The bill of lading is universally the most important document for shipping any type of goods or products. A bill of lading is essentially a contract that states what the goods are, where the goods came from, where they are going, how they are getting there, and when they should be picked up and delivered. If you are a freight broker, fleet owner, or owner/operator, the bill of lading is central to both your business and your customers’ businesses because everyone uses it to document the transport process.
Multiple parties use a bill of lading to track the transportation of goods. In both international and domestic transportation, the bill of lading is critical to the shipper, the freight broker (if a broker is involved in the transaction), the motor carrier, and the recipient of the goods.
For international goods, the customs and border administration offices also rely on the information listed on the bill of lading.
The shipper (manufacturer, distributor, farm, or other business needing to send cargo over the road) creates the bill of lading. The document would include the shipper and the recipient’s names and contact information, the contents and weight of the load, and the pickup and delivery dates. The addresses for pickup and delivery would be displayed clearly along with any special instructions.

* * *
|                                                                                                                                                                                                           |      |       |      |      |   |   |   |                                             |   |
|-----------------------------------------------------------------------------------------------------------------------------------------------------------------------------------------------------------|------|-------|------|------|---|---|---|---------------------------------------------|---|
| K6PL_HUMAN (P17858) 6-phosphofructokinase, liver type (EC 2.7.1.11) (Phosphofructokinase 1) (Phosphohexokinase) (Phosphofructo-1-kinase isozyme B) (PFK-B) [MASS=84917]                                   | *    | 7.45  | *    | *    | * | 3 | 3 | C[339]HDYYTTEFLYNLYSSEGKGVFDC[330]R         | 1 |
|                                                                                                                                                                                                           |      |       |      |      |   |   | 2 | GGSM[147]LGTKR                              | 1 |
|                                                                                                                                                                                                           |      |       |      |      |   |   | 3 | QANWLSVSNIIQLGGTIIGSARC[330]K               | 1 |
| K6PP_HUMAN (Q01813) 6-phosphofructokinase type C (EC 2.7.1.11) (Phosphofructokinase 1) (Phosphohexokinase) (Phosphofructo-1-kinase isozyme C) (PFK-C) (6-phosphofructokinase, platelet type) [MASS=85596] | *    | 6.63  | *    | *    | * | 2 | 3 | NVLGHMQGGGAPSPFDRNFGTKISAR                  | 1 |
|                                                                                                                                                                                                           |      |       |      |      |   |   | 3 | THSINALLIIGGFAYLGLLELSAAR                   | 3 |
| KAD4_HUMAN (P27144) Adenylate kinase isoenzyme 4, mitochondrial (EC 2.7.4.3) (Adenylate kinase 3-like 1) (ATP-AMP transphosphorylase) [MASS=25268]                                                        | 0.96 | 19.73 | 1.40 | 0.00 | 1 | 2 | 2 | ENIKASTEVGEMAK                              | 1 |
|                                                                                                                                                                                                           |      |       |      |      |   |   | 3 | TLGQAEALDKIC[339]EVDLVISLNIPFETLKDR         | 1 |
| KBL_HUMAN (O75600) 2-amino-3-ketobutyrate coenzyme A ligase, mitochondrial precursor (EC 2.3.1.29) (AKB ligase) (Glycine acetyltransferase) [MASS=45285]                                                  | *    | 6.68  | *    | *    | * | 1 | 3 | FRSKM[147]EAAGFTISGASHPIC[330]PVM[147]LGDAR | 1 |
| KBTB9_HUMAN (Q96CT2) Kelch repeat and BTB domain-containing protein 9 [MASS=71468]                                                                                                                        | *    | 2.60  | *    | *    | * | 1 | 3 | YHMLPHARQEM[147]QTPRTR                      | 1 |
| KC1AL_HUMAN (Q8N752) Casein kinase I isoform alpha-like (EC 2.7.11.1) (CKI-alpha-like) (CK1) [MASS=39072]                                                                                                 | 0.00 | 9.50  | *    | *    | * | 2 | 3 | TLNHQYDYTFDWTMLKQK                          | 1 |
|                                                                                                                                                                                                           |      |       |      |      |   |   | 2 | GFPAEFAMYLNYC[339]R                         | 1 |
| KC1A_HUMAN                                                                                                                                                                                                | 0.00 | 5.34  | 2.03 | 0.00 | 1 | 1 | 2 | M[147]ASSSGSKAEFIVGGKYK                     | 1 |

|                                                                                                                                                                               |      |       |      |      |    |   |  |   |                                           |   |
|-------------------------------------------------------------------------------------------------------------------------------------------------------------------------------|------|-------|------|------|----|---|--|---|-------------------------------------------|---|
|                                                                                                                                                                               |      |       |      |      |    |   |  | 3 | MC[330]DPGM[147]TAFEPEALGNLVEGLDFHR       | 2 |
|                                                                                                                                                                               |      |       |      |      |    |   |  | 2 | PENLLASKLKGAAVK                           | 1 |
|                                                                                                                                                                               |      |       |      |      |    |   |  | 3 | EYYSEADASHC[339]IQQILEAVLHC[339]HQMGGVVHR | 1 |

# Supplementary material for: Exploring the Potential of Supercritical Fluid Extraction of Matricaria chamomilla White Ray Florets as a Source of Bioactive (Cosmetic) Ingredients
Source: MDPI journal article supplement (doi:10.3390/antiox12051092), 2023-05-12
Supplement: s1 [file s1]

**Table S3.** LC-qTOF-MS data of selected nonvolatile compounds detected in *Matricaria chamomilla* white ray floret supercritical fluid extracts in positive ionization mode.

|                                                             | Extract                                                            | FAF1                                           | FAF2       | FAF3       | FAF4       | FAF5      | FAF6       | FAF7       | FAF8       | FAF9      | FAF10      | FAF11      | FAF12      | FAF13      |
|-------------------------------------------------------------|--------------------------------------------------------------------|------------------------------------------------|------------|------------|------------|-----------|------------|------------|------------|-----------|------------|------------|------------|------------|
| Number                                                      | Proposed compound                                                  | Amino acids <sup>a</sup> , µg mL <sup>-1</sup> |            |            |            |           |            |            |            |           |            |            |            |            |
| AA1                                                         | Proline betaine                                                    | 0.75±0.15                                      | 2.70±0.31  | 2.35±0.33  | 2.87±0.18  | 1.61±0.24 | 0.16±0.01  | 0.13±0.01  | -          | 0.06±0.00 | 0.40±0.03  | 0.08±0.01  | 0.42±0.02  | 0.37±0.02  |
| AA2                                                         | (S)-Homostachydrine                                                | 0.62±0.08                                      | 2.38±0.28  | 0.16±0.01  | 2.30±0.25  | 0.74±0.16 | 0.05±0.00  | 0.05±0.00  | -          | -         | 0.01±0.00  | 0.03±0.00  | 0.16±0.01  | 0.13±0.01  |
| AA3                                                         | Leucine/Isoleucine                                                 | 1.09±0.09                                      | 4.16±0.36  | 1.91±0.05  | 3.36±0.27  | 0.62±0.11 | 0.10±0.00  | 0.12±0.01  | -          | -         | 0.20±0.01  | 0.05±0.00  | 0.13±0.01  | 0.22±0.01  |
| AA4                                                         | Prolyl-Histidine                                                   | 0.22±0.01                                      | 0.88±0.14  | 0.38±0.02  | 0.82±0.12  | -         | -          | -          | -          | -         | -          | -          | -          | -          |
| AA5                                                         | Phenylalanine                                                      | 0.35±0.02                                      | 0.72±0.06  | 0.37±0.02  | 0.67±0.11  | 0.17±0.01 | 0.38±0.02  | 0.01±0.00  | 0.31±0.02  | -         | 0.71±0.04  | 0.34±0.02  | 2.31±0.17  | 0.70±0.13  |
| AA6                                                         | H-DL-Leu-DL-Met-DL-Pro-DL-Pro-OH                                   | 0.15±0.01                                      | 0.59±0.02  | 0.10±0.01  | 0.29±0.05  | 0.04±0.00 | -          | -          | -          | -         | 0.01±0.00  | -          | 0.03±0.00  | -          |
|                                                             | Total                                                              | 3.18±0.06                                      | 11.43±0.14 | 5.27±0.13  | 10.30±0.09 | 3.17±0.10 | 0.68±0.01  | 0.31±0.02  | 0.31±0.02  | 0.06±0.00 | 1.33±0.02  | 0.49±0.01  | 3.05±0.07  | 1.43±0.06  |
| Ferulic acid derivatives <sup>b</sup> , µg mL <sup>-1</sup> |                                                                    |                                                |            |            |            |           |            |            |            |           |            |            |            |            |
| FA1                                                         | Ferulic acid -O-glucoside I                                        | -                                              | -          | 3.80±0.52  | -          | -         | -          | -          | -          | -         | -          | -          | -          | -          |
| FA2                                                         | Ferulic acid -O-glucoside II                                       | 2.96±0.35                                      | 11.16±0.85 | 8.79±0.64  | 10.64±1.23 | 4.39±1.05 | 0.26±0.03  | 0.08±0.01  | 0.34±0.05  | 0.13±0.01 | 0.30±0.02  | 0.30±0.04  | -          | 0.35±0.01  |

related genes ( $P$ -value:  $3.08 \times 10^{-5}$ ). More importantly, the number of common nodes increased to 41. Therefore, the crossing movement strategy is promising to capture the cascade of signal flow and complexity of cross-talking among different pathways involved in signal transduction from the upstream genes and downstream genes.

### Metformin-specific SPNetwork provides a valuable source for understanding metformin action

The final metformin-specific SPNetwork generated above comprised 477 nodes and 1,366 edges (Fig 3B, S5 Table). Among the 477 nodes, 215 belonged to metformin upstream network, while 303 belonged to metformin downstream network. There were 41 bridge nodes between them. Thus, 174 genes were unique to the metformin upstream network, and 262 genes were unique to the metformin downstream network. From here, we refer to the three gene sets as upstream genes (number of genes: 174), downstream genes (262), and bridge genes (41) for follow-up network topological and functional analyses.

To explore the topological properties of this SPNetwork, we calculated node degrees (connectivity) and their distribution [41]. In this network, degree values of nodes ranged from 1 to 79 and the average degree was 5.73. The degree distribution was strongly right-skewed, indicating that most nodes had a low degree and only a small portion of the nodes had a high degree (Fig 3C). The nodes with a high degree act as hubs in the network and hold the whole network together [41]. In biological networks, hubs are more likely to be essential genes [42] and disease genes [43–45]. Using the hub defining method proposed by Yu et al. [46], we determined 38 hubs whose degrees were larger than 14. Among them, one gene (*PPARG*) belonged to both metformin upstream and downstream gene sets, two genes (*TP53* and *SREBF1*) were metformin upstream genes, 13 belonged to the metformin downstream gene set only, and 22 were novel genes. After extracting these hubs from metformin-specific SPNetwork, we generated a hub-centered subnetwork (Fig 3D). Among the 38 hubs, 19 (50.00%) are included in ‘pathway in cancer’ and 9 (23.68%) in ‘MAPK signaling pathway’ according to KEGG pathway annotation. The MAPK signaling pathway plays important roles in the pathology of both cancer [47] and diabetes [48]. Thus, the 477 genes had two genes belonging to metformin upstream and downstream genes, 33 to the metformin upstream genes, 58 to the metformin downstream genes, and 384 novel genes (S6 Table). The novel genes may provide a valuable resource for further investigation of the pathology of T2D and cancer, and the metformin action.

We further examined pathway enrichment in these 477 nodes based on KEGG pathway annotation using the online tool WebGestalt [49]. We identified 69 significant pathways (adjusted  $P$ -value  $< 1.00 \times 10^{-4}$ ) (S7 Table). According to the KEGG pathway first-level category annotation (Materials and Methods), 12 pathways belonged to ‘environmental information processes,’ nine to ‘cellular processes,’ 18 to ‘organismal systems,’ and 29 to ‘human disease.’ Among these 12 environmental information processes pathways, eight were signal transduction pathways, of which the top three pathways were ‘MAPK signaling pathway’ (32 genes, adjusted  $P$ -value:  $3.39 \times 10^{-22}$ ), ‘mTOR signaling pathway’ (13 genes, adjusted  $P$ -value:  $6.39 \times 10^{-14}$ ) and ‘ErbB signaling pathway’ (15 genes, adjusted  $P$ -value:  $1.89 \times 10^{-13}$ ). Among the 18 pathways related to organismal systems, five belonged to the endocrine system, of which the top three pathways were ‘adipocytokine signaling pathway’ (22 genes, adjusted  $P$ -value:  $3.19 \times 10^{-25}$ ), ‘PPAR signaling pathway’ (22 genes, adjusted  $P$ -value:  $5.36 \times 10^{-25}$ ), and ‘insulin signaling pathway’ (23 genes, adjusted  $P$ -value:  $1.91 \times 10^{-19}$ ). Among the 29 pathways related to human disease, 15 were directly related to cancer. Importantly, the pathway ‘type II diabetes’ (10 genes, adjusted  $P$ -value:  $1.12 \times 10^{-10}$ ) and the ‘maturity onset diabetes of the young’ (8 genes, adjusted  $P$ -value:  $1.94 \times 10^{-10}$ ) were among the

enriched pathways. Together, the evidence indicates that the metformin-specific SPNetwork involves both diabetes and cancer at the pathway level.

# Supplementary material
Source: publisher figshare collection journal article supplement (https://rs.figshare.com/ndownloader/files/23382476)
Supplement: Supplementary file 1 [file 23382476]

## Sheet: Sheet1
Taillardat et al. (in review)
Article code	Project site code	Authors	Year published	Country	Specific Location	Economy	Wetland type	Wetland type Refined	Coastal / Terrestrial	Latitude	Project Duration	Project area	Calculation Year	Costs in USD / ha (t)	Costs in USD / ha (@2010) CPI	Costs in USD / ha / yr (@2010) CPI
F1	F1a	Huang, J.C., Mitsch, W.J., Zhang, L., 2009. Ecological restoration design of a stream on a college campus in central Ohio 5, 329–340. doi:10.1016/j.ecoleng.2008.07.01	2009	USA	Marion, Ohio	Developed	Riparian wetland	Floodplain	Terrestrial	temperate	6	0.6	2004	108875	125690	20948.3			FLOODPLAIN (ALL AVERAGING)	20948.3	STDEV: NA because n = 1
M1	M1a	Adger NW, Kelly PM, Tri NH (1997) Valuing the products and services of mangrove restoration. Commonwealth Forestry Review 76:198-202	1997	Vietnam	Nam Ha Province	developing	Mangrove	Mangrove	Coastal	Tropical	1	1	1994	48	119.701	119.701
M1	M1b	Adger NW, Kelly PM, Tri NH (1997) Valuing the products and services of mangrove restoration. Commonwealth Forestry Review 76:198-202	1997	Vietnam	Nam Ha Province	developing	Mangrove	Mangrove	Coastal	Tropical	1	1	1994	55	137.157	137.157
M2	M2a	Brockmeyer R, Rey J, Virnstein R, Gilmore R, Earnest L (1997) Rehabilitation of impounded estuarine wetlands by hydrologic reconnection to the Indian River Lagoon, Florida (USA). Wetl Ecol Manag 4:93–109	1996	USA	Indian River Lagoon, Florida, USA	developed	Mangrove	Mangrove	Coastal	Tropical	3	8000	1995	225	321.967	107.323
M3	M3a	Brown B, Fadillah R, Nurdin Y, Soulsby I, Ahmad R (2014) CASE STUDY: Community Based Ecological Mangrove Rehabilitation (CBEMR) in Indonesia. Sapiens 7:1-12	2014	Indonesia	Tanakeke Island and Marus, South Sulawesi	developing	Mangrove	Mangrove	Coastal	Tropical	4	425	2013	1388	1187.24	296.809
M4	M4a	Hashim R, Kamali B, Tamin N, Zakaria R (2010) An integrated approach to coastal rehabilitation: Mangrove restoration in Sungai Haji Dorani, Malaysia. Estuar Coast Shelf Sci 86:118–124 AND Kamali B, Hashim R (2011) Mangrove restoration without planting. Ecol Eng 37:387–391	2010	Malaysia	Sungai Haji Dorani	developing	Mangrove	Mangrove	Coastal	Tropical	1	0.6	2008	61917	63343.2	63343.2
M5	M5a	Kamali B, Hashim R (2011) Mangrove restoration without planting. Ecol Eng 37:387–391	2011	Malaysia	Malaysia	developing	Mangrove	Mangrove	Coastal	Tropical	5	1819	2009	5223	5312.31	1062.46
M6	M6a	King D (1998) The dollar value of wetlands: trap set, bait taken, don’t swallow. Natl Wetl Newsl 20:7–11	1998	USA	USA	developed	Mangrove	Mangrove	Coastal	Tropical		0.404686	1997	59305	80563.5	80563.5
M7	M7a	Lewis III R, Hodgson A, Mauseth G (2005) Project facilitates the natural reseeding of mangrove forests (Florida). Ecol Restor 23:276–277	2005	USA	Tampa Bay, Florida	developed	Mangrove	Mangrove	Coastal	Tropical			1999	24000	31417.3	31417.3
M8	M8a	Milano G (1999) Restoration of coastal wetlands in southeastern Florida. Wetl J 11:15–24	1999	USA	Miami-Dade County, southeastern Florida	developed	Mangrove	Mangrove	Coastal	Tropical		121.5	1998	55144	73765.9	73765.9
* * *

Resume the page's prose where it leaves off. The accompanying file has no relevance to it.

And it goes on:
If the load requires multiple stops, the motor carrier will typically have a bill of lading for each stop so that the contents can be confirmed each stop. The bill of lading will almost always specify the number of units – packages, pieces, cases, boxes, or whatever – that will be loaded into the truck.
To be paid for delivering the load, the freight company needs the authorized, signed bill of lading as proof of delivery. Typically, the shipper, driver, and recipient must all sign or initial the bill of lading for the document to be valid for collecting payment.
Factoring companies – financial services companies that pay freight companies upfront for their deliveries – use the bill of lading to approve payment from the shipper to the freight broker or motor carrier. Some factoring companies require original bills of lading, so the driver must find a way to expedite it to them. Other factoring companies accept copies that areWhat scanned and faxed or emailed as proof of delivery.
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